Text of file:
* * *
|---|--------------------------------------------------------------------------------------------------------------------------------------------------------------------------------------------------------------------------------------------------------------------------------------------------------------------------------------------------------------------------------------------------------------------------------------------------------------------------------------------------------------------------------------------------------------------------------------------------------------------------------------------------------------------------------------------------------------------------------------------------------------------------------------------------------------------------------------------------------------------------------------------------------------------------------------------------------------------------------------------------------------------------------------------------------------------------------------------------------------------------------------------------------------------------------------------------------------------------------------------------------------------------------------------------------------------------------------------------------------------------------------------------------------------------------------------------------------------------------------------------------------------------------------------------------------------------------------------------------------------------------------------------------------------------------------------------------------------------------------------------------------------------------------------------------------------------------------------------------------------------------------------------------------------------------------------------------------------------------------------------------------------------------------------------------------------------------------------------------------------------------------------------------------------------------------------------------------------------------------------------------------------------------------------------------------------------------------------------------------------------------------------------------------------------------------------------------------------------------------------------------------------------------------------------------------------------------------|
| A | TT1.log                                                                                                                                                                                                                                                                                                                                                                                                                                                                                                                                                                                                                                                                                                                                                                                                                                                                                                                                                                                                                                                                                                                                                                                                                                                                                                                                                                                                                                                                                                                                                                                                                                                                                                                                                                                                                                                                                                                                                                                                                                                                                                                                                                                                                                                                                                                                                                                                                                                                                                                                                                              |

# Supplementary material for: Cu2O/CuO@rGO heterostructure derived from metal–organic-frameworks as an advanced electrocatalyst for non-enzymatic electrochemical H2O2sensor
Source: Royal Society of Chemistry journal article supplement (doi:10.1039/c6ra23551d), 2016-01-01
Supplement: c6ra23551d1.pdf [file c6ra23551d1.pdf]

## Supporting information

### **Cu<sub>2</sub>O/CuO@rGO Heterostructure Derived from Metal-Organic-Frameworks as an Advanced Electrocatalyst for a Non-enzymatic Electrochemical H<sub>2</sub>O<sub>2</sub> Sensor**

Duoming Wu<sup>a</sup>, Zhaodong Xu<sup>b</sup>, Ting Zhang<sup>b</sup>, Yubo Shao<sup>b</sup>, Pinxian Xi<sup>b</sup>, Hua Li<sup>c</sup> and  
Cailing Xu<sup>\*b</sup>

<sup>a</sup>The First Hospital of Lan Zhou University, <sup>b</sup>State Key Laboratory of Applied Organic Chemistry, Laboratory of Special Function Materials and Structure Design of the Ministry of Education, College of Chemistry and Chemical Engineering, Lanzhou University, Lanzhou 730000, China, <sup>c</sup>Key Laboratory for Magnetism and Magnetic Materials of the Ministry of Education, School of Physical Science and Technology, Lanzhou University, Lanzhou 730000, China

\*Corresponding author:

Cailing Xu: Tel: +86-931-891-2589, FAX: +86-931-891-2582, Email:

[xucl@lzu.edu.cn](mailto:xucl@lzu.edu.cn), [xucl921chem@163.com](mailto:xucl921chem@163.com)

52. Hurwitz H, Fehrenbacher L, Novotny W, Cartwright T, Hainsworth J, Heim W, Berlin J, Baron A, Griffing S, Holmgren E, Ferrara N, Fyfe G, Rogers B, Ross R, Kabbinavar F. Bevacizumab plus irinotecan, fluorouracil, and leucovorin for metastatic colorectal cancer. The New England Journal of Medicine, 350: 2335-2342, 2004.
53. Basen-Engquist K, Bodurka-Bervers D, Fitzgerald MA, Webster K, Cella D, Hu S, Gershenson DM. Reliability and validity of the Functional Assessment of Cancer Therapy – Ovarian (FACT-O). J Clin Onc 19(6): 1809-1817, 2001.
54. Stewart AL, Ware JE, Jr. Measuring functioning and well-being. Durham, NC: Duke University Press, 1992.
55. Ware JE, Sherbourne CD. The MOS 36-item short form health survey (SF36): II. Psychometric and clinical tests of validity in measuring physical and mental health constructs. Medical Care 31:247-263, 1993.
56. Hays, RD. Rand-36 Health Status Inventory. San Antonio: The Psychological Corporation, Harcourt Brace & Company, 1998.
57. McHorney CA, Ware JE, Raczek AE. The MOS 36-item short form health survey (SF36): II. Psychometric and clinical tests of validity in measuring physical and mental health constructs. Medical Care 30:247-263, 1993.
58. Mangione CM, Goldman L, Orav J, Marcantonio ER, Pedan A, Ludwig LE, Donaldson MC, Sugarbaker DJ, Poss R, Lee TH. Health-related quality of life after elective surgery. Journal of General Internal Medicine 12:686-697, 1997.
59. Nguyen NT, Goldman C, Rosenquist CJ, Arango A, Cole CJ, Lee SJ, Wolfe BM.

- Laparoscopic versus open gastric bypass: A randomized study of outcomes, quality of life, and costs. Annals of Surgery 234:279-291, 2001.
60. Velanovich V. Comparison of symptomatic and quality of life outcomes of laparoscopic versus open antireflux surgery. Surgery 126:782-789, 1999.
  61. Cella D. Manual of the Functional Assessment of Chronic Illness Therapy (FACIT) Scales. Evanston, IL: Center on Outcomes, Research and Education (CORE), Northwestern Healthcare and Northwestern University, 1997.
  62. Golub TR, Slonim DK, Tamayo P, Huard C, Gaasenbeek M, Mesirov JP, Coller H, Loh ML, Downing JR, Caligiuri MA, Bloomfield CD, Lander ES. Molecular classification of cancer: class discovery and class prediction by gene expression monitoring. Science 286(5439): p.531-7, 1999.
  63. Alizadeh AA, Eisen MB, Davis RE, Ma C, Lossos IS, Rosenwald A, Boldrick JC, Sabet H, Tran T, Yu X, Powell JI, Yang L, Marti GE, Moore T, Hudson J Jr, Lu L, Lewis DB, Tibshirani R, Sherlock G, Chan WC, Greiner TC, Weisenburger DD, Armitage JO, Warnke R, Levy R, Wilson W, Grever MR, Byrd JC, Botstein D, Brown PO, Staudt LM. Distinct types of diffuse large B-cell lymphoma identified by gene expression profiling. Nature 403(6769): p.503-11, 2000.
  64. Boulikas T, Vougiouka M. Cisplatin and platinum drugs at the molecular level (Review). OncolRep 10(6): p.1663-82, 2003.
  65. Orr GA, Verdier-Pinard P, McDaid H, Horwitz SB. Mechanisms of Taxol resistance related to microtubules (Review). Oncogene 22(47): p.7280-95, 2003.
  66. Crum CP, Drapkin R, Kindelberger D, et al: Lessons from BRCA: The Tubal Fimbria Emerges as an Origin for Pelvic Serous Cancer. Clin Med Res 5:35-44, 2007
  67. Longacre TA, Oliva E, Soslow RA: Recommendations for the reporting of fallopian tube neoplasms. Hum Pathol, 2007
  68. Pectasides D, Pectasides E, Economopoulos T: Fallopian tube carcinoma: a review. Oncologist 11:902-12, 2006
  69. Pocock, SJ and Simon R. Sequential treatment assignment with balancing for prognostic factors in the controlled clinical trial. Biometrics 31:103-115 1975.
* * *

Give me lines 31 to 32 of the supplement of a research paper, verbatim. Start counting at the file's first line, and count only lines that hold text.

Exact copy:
  68. Pectasides D, Pectasides E, Economopoulos T: Fallopian tube carcinoma: a review. Oncologist 11:902-12, 2006
  69. Pocock, SJ and Simon R. Sequential treatment assignment with balancing for prognostic factors in the controlled clinical trial. Biometrics 31:103-115 1975.